If no ulcer is diagnosed, then you should wait about 72 hours following the use of a narcotic IV sedative like Demerol. This is both to ensure that all after-effects of the medication have "washed out" of your body and to minimize any potential for a false-positive urine drug test. You are encouraged to contact our office if any other IV medications are used, to tailor the waiting time appropriately.
In addition, if your doctor needs to change your medication in the future, you should be aware that the FAA does approve other drugs for this condition. Proton pump inhibitors (e.g., Prilosec, Aciphex, Prevacid, Protonix), histamine receptor antagonists (e.g., Tagamet, Zantac, Pepcid), and liquid antacids (e.g., Gaviscon, Mylanta, Maalox) are among the medications that can be used while continuing to fly. Even though some of these are available over-the-counter without a prescription, having a physician monitor your condition is important.
My spouse and I are trying to conceive and we have recently undergone an infertility evaluation. Our physician wants to start me on a medication called Clomid. Will I have to stop flying while taking this?
Clomid (clomiphene) is commonly used to stimulate ovulation in women who are under the care of a fertility specialist, as an aid to conceiving. Interestingly, it is also used in selected infertile men who have low sperm counts.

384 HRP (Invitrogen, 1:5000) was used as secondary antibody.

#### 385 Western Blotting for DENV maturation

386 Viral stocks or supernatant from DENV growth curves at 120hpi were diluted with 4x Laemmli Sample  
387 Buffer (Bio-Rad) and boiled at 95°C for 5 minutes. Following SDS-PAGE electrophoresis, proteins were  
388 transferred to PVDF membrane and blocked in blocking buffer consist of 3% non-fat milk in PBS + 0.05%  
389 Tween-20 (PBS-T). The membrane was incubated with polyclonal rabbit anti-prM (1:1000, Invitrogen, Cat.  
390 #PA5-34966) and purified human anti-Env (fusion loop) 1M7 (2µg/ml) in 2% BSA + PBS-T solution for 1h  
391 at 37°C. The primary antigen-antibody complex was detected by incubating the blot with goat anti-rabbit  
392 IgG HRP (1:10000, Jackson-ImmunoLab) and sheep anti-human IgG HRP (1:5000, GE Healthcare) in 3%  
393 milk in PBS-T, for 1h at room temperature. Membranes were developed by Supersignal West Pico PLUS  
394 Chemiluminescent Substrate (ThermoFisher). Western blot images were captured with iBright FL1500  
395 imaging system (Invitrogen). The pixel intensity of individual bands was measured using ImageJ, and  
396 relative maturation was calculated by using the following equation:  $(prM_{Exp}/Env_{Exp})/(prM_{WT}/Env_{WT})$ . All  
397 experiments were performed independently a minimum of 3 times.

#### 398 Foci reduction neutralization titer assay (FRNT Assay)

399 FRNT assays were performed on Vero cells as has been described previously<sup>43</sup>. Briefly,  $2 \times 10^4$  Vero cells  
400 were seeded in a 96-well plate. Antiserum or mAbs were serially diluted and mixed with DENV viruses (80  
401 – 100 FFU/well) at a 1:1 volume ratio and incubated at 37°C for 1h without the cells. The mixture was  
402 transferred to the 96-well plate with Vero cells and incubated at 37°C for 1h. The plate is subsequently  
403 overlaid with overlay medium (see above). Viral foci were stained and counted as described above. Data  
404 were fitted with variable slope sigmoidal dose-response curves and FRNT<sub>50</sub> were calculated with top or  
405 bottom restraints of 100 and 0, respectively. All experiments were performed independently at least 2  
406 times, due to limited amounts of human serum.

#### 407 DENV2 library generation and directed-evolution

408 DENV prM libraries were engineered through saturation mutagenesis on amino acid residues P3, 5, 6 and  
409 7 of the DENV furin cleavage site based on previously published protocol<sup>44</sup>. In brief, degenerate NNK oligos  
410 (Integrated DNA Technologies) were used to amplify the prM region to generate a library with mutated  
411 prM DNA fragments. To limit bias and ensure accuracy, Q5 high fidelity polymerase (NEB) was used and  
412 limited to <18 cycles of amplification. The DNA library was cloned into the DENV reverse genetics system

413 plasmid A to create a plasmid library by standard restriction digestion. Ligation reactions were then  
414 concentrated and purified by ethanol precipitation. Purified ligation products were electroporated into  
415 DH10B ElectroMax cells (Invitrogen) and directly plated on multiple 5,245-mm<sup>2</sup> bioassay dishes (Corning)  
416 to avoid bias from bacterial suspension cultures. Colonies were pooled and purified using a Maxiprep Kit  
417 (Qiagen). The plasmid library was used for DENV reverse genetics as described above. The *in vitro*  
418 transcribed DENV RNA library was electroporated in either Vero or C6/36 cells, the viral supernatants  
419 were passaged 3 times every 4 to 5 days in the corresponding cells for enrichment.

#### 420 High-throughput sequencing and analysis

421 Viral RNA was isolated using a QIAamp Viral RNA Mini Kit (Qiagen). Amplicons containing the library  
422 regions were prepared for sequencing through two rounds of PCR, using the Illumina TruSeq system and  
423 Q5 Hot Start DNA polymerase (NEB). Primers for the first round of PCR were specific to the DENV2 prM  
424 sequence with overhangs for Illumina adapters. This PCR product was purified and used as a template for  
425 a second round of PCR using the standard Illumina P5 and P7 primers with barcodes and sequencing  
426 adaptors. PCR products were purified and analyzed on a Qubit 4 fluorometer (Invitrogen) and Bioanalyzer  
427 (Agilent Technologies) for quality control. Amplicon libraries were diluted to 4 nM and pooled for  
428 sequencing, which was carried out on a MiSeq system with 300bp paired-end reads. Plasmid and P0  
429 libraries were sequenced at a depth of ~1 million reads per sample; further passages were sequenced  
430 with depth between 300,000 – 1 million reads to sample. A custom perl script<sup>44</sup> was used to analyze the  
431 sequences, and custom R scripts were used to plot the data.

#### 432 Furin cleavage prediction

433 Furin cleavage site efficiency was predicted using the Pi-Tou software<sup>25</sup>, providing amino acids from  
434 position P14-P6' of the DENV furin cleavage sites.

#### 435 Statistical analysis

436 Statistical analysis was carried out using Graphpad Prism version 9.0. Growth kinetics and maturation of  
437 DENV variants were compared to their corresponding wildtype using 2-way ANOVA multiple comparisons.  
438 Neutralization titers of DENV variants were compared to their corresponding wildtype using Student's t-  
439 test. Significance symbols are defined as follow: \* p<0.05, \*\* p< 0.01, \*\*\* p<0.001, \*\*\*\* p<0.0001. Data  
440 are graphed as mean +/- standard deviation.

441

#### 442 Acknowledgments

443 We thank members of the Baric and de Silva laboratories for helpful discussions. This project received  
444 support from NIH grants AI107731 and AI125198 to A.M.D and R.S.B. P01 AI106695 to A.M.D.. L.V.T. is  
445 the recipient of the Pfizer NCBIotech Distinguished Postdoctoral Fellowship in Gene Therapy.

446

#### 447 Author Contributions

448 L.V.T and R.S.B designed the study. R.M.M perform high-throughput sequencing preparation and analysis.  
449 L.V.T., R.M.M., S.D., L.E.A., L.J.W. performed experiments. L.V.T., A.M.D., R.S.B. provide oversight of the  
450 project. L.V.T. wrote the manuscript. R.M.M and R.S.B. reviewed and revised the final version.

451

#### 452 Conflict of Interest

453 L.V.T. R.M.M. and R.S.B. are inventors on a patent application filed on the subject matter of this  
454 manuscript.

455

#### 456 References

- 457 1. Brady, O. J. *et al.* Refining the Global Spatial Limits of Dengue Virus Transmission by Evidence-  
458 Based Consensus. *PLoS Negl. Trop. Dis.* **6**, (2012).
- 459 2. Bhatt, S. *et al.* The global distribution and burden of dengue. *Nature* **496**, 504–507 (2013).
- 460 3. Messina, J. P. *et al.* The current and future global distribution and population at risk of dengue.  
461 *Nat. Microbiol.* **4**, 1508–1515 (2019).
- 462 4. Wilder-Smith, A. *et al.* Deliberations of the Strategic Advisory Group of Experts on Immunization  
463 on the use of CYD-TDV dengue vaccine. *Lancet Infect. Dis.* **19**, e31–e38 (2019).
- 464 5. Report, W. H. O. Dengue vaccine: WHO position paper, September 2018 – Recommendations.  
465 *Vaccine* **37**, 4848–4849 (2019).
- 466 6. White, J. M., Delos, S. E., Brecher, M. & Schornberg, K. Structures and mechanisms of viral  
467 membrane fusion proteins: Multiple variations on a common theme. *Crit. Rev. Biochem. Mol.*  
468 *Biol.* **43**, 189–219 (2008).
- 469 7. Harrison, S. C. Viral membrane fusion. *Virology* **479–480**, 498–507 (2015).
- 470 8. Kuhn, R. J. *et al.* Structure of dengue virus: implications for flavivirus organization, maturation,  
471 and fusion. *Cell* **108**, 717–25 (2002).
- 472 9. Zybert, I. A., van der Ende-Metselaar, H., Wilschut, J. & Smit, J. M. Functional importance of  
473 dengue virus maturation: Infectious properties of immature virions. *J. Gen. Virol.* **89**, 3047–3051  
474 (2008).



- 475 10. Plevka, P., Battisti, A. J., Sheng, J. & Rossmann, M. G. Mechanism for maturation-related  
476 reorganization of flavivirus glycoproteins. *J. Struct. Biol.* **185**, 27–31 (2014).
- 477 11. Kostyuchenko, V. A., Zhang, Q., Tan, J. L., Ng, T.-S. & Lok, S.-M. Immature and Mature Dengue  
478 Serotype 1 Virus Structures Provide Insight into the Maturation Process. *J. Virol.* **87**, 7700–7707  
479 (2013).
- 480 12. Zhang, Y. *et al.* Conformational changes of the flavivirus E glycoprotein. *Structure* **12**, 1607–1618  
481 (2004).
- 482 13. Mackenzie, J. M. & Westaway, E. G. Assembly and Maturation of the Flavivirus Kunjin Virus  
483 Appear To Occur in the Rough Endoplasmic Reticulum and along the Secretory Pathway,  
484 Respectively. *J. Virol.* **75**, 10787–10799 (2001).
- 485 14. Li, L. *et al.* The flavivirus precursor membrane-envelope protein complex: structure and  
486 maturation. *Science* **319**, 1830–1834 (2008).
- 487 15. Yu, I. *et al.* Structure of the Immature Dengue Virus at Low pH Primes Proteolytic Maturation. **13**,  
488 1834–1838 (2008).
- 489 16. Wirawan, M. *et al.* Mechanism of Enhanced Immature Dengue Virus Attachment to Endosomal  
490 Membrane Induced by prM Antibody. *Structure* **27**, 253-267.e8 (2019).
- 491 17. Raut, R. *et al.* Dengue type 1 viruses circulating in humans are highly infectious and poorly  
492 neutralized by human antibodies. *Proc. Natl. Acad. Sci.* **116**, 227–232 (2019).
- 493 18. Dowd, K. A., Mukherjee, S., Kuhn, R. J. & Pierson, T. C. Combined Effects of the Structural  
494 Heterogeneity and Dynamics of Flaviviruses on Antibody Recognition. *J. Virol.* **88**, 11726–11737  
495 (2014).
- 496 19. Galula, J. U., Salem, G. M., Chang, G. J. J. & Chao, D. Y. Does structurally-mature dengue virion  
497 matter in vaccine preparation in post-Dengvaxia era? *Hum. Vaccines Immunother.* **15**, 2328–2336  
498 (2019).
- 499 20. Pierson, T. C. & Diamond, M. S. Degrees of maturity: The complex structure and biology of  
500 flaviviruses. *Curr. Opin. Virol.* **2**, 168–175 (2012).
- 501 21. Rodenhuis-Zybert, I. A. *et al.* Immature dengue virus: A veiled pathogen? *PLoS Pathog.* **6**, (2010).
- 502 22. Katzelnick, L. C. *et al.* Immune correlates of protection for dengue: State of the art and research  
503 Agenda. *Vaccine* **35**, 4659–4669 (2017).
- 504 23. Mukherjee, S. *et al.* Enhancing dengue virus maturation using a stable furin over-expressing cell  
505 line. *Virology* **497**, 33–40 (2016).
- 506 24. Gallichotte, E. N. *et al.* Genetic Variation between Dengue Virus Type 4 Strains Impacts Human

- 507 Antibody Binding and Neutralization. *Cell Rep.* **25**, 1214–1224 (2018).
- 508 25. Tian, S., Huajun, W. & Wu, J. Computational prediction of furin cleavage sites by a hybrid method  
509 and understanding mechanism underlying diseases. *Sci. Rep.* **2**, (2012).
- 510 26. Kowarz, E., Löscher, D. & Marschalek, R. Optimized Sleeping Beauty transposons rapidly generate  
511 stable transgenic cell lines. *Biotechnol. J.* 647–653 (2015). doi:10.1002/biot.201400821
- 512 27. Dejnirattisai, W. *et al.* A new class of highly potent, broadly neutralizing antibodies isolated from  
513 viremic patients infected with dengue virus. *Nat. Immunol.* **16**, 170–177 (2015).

The FAA has approved the use of Clomid while flying for either male or female pilots. We recommend a 1Ė2-day self-observed "ground test" for adverse side effects before attempting to fly after first starting the drug.
If no ill effects occur, you simply return to work while taking the medication and report its use at the time of your next FAA medical examination.
The services of the Associationís Aeromedical Office are available to ALPA members free of charge and with full confidentiality. Our Office hours are 8:30 a.m. to 4 p.m. Mountain Time, MondayĖFriday. Call us at the Office at 303-341-4435.
Copies of many standard FAA medical forms may be downloaded from the Aeromedical section of the Associationís website, cf.alpa.org. Other items of interest to pilots may be found at www.aviationmedicine.com.
Dr. Tom Yasuhara, MD, MPH, is an associate aeromedical advisor with ALPAís Aeromedical Office, which is located in Aurora, Colo.